All backer rewards come with a one year warranty on parts and labor. In short, if anything goes wrong—through no fault of your own—within one year from receiving your reward, we’ll take care of it and cover the cost of any repair or replacement. Damage, or any modifications that are made by you, aren’t covered under this warranty. Basically, we stand behind the stuff we make. We want it to work well, and we want you to be happy using it. You can always contact us with any questions or support requests.
Due to the nature of this project, unforeseen compatibility issues may be discovered after the project has been released. If that happens, we’ll do our best to sort things out in a reasonable way. We’re not a big company, so we don’t have all the resources for testing and contingency planning that a big company might have at their disposal. We can’t promise compatibility in situations that we haven’t been able to test.
All source material and documentation will be made available through a GitHub repository upon the successful conclusion of this campaign. Links to this repo will be communicated to backers directly and will also able be made available on the campaign landing page, a campaign update page, and/or on a dedicated TinyNES website.
Short version: We don’t want anyone to be misled about who we are or who this project is affiliated with! We are not Nintendo, and we are not affiliated with Nintendo in any way. Any patents related to the original Nintendo Entertainment System have long since expired. We use some of Nintendo’s trademarked (or formerly trademarked) terms on this page, because we’re allowed to in order to describe this project and what its capabilities are, but those terms don’t belong to us. Please don’t contact Nintendo for support.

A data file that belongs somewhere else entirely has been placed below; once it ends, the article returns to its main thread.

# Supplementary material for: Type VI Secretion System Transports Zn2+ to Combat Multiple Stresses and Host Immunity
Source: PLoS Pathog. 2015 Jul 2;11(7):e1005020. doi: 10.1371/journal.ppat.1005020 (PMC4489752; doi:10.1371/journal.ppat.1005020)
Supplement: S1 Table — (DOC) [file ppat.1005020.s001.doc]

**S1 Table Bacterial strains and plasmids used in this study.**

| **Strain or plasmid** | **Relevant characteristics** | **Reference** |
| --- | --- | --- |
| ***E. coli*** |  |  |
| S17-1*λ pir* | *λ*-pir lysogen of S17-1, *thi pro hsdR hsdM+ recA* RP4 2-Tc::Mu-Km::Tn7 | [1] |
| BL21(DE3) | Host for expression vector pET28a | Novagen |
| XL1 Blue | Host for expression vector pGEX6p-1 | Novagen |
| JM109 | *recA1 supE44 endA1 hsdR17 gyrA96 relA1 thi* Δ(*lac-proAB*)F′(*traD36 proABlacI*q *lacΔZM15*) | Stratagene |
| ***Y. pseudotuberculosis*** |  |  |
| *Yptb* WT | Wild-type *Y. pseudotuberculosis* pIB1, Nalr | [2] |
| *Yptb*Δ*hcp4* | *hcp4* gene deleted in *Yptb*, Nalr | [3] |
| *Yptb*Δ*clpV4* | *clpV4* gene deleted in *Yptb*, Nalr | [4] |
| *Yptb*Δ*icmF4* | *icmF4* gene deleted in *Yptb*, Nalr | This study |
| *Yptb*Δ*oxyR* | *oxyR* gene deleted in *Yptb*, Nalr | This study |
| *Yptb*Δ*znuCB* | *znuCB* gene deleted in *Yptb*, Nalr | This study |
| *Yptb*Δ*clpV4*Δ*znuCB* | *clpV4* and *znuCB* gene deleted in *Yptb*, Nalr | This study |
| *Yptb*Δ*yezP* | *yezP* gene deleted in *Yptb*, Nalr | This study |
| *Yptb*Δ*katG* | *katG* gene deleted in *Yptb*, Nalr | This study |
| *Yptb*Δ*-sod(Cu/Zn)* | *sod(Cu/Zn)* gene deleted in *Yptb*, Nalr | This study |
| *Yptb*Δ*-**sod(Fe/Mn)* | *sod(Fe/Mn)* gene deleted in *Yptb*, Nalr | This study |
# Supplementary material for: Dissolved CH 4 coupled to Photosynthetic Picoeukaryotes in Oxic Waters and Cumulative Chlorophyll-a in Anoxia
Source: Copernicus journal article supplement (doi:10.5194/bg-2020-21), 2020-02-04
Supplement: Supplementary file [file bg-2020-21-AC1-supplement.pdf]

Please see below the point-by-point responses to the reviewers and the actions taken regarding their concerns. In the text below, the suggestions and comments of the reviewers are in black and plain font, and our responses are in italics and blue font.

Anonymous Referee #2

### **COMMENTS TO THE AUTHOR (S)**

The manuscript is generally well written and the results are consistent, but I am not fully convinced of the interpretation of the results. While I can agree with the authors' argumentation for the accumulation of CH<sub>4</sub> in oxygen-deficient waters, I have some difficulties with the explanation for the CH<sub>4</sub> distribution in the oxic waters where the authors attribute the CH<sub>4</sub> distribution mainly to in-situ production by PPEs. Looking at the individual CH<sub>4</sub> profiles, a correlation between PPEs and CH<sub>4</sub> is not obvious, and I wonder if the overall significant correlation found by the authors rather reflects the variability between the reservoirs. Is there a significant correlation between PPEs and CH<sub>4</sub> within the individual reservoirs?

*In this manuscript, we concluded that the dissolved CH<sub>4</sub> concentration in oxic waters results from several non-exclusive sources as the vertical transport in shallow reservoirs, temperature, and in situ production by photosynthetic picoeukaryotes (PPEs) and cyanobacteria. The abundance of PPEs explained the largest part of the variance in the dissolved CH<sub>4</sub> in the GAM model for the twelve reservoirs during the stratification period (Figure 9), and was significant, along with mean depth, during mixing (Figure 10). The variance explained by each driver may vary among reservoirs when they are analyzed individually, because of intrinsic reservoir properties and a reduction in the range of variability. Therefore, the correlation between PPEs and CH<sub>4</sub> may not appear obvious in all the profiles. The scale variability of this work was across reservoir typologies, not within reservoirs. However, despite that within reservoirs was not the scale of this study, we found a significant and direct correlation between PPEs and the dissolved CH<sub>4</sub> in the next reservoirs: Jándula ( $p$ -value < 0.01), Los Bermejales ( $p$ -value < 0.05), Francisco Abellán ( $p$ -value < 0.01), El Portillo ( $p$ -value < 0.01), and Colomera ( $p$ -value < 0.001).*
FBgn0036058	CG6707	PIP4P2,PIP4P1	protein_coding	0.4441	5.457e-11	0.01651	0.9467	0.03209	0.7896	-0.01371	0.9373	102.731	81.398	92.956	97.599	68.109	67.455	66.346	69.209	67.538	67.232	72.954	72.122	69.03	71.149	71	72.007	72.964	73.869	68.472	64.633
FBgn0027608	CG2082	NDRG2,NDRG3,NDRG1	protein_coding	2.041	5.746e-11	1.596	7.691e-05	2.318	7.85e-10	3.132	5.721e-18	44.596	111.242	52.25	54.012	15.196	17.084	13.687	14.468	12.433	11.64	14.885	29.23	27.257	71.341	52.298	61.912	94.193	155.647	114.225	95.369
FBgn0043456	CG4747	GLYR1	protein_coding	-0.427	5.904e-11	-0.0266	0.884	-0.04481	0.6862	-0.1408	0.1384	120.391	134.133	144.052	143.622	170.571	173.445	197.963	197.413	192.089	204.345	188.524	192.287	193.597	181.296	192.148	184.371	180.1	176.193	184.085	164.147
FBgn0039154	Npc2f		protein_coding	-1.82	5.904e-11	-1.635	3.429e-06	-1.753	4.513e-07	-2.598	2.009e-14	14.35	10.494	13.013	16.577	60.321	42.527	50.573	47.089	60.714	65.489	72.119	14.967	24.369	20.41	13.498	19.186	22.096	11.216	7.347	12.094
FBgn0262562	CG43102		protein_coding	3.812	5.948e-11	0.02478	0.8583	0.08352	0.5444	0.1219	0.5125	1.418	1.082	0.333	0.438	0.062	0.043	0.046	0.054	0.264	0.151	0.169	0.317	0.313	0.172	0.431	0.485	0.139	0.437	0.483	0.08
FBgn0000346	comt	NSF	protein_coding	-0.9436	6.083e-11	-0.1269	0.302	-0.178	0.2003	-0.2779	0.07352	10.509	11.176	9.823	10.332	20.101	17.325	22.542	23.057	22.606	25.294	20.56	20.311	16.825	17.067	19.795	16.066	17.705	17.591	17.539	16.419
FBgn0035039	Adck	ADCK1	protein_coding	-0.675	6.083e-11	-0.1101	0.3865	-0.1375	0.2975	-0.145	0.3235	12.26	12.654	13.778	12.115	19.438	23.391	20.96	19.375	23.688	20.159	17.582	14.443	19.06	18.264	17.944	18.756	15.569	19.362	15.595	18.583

Longer version: “Nintendo” and “Nintendo Entertainment System” are trademarks of Nintendo of America Inc. in the United States and/or other countries. “NES” was a trademark of Nintendo of America Inc. in the United States until it was cancelled on February 5, 2016. This crowdfunding campaign and the TinyNES project are not affiliated with, endorsed by, associated with, or sponsored by Nintendo of America Inc. nor their affiliates, subsidiaries, partners, officers, or employees, in any capacity whatsoever. Their trademarks are used here to fairly and accurately describe their products, and to fairly and accurately compare their products and services to those being described here. All other product and company names are trademarks or registered trademarks of their respective rights holders. Use of those names or trademarks does not imply any affiliation with or endorsement by them.
"Instead of falling back on glitchy emulation, the TinyNES uses the same CPU and PPU (picture processing unit) that were in the original NES. That ensures smooth console-correct gameplay and compatibility with game cartridges and accessories."
"[TinyNES] doesn’t run NES games via emulator or FPGA, but on the original Ricoh RP2A03 CPU and RP2C02 PPU. Apart from that, everything has been updated..."
"Struggling to get your hands on Analogue's hardware? This could be a solid consolation prize."
"[TinyNES] is a brand new micro-console that has the same processors as the original Nintendo Entertainment System, which means it has native support for the original game cartridges, despite the console itself being about the size of a cartridge."
Produced by Tall Dog Electronics in Easthampton, MA.
Sold and shipped by Crowd Supply.
One TinyNES system, which includes a TinyNES console (with RP2A03 and RP2C02 chips), one USB Type-C cable for power, one dual RCA cable, and one US USB Type-C wall power adapter. CONTROLLER SOLD SEPARATELY.
One TinyNES system, which includes a TinyNES console (with UA6527 and UA6528 chips), one USB Type-C cable for power, one dual RCA cable, and one US USB Type-C wall power adapter. CONTROLLER SOLD SEPARATELY.
One 8BitDo N30 2.4g wireless controller and receiver. Use up to two with TinyNES!
Mounts to your TinyNES and holds your cartridge securely in place.
An adapter that provides Famicom support. Works with or without a Cart Latch.